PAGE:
Yearly post?

Haven’t posted in a really long time. Shame on me.  🙂   I’ll try to post a little more. Now that the weather is getting warmer, I’ll fire up my brew kettle and regale you with my attempts at brewing drinkable Weizen and Belgian-style beers.

In the meantime, check out  Books I Have Read page, which I have been updating on a regular basis.

A too short interlude – München

For me, a visit to Bayern isn’t complete without a trip to the city of my birth and where I had my first law job after law school. This time it would be a bit tricky, since the Deutsche Bahn was going on strike every other day, or so it seemed. Luckily, my cousin’s wife was heading into Munich* one of the days I wanted to visit, so she dropped me off at the Donnersbergerbrücke before heading off to the Kunsthalle. The S-/U-Bahn was running that day, so I took it to the Hauptbahnhof.

Fußgänger Zone

Fußgänger Zone

I then walked to the Hugendubel off of Marienplatz.

I love spending time and money here

I love spending time and money here

As usual, I got a little overwhelmed by the selection, so I emailed a [virtual] friend, Katy Derbyshire for some recommendations. To my happy surprise, she replied almost immediately, and I picked up Im Kopf von Bruno Schulz and Johnny und Jean, as well as a book I’d been looking for for awhile, Sendlinger G’schichten by Sigi Sommer. Purchases safely in my backpack, I made my way over to the Jewish Museum for two exhibits recommended by the Sueddeutsche:

The Jewish Museum

The Jewish Museum

1. War! Jews between the fronts, 1914-1918  and

2. Culture on the brink: Jewish life on the Tegernsee, 1900-1933

I was actually a little surprised I got to see the second one, since it wasn’t supposed to start until that evening. Both exhibits were pretty intense. Inside the museum, I saw someone who looked an aweful like Munich’s former mayor, Christian Ude.

An hour and a half later, it was time to meetup with Ken McBeth Knowles at the Ladencafé Marais.  I was a little apprehensive, since I had never met him in person before, only through twitter and google+. I needn’t have worried, as he and his friend Elaine were warm, interesting, and entertaining companions. I had a blast and learned a lot. After a leasurely cake and coffee,  I hurried over to the Lenbachhaus, my absolute favorite museum, in order to reacquaint myself with my favorite artist, August Macke. There is also a fun portrait of one of my favorite authors, Oskar Maria Graf by Georg Schrimpf that I wanted to see in person.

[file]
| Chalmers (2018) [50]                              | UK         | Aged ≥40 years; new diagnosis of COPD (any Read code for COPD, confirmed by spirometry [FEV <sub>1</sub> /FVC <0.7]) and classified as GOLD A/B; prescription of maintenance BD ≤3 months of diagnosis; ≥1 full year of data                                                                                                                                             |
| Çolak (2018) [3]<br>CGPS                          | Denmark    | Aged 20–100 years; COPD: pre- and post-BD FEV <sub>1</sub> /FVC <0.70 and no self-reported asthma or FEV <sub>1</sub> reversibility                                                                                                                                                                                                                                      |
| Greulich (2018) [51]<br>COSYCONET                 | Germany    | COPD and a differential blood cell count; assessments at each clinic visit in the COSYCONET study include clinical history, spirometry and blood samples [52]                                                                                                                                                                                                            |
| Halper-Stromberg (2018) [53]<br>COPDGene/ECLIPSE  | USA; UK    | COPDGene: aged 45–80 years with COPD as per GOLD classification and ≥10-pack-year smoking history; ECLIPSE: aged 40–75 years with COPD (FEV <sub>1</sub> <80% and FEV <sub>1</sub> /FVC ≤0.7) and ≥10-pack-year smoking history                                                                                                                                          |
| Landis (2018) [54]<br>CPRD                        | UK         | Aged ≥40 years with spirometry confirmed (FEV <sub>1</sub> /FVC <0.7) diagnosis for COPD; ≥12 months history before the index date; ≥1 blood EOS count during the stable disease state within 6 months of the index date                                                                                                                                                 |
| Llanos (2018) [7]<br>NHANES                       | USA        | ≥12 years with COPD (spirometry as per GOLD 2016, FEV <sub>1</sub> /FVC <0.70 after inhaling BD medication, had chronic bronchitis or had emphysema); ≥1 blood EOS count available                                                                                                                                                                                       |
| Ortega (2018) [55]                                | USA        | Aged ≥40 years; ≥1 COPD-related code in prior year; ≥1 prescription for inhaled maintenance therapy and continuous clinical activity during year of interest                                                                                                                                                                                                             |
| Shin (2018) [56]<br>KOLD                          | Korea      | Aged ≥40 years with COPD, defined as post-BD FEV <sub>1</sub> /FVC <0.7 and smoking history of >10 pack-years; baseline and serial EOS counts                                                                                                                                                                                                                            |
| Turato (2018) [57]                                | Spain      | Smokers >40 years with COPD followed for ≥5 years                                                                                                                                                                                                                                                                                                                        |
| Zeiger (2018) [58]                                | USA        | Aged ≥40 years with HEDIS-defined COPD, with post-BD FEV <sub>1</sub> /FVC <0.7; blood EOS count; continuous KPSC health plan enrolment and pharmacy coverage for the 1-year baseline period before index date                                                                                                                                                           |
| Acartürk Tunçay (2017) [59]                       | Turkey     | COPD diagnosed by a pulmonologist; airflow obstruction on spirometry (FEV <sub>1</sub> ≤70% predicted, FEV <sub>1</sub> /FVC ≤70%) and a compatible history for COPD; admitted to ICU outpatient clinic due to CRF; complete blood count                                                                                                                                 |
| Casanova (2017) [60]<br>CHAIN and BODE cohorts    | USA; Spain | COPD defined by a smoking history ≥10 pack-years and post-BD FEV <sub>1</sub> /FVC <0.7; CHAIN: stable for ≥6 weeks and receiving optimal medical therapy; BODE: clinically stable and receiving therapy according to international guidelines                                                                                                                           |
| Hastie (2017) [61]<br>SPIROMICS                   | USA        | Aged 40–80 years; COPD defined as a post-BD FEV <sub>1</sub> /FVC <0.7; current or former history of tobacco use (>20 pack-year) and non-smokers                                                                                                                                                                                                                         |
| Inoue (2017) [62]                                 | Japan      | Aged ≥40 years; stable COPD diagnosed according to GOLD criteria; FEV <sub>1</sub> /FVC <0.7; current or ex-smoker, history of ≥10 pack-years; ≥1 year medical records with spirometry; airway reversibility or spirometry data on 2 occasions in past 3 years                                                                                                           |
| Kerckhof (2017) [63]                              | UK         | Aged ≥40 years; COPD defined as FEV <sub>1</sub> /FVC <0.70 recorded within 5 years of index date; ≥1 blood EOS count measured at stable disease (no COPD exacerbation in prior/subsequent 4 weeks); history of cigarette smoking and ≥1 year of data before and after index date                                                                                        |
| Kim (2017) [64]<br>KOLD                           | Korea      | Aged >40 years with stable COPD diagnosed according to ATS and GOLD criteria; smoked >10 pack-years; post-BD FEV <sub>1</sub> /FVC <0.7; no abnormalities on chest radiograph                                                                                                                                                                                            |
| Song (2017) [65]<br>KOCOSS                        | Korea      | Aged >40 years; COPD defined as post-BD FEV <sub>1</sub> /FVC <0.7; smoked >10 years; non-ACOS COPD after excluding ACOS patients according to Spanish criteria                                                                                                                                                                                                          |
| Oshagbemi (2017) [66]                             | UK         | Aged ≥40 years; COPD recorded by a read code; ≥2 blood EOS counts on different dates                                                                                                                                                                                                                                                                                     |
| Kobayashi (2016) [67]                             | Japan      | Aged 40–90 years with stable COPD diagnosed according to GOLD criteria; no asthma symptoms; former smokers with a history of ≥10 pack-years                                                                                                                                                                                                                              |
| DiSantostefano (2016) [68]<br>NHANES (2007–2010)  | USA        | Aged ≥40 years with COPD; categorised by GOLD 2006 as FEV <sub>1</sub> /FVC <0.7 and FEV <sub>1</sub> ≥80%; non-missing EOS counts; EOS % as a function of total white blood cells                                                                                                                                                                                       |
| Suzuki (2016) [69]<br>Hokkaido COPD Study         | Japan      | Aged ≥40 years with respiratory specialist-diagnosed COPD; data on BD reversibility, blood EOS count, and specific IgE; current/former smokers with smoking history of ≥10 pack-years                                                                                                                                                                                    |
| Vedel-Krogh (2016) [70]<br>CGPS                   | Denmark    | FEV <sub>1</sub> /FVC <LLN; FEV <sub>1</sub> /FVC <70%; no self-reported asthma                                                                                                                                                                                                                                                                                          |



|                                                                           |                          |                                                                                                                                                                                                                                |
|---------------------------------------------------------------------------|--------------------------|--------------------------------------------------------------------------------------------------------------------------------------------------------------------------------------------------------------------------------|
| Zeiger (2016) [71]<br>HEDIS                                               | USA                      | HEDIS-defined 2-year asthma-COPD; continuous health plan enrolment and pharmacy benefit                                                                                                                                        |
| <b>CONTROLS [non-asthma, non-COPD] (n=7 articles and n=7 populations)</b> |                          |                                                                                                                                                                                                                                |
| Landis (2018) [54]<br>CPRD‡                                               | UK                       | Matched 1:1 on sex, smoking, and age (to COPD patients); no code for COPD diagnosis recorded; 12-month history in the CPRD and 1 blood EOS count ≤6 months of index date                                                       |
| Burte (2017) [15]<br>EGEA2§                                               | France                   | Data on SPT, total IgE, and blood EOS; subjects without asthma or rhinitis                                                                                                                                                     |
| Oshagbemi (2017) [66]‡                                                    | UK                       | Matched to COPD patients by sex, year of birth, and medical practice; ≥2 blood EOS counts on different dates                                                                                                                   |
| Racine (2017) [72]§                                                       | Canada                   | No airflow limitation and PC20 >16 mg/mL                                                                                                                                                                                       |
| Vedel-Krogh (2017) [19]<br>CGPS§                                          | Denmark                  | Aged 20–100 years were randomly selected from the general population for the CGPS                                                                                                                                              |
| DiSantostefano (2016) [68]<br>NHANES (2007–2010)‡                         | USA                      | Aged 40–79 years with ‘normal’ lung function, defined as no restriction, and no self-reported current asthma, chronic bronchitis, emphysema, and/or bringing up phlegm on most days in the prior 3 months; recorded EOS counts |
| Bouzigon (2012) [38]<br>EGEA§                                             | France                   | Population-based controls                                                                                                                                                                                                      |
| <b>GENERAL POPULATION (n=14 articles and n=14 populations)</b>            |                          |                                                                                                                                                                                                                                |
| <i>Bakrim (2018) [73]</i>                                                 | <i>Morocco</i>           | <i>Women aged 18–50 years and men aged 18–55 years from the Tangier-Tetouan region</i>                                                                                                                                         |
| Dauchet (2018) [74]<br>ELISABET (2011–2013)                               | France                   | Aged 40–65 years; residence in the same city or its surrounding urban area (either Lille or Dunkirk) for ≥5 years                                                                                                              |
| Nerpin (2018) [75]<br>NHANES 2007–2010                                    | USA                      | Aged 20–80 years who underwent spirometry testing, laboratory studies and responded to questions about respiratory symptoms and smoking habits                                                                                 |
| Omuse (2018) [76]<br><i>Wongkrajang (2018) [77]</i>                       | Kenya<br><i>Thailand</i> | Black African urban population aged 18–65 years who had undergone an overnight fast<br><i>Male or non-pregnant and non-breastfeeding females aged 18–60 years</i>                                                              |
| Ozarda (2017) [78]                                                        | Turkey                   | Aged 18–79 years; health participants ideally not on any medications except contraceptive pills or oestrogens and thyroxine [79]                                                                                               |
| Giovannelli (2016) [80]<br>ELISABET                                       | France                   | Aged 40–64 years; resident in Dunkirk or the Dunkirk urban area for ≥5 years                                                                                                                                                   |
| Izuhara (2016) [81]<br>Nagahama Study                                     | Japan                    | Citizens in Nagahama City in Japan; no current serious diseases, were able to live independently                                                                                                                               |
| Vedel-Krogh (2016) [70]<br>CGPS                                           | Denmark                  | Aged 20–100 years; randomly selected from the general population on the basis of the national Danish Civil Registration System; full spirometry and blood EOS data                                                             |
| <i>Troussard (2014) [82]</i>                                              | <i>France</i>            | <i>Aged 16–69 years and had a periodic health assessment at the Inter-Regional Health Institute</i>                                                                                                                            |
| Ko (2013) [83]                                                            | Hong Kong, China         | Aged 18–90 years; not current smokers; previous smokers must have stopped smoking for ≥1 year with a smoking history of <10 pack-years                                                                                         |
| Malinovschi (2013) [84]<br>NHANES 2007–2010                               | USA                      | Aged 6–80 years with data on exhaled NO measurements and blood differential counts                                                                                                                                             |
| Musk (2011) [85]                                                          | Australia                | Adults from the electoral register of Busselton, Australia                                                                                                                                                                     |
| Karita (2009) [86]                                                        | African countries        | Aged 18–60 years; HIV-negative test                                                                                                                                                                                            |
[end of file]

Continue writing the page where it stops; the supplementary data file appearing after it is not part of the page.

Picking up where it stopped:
The Lenbachhause, which has a new entrance after an multiyear rennovation

The Lenbachhause, which has a new entrance after a multiyear rennovation

This used to be the entrance, back when I lived in Munich

This used to be the entrance, back when I lived in Munich

A couple of hours later, it was time for dinner. I headed off to the Weisses Brauhaus in Tal, although I did stop off first at the TSV 1860 fan shop to pick up a winter hat, especially since we are supposed to have a very cold winter here in Baltimore this year.

Where I go whenever I'm in Munich

Where I go whenever I’m in Munich

It was still relatively warm in Munich, so I sat outside. I couldn’t decide what kind of meat to eat, so I ordered a 3-fer: 2 cuts of pork and a cut of beef. It went well with the Aventinus and the Sendlinger Stories of Sigi Sommer.

Etwas vom Schwein, a Semmelknöd'l and an Aventinus

Etwas vom Schwein, a Semmelknöd’l and an Aventinus

After dinner, I caught the 20:35  train from Munich. According to my fitbit, I walked 13 miles that day.

* She was helping to set up the Munich Rococo from Asam to Günther exhibit.

Recent reads for my St. John’s College Executive Seminar class

Phaedra, by Racine: A woman’s lustful thoughts results in the death of an innocent youth.

Taming of the Shrew, by You-Know-Who: Misogynist bullies woman smarter than he.

Information on the St. John’s College Executive Seminars

More February books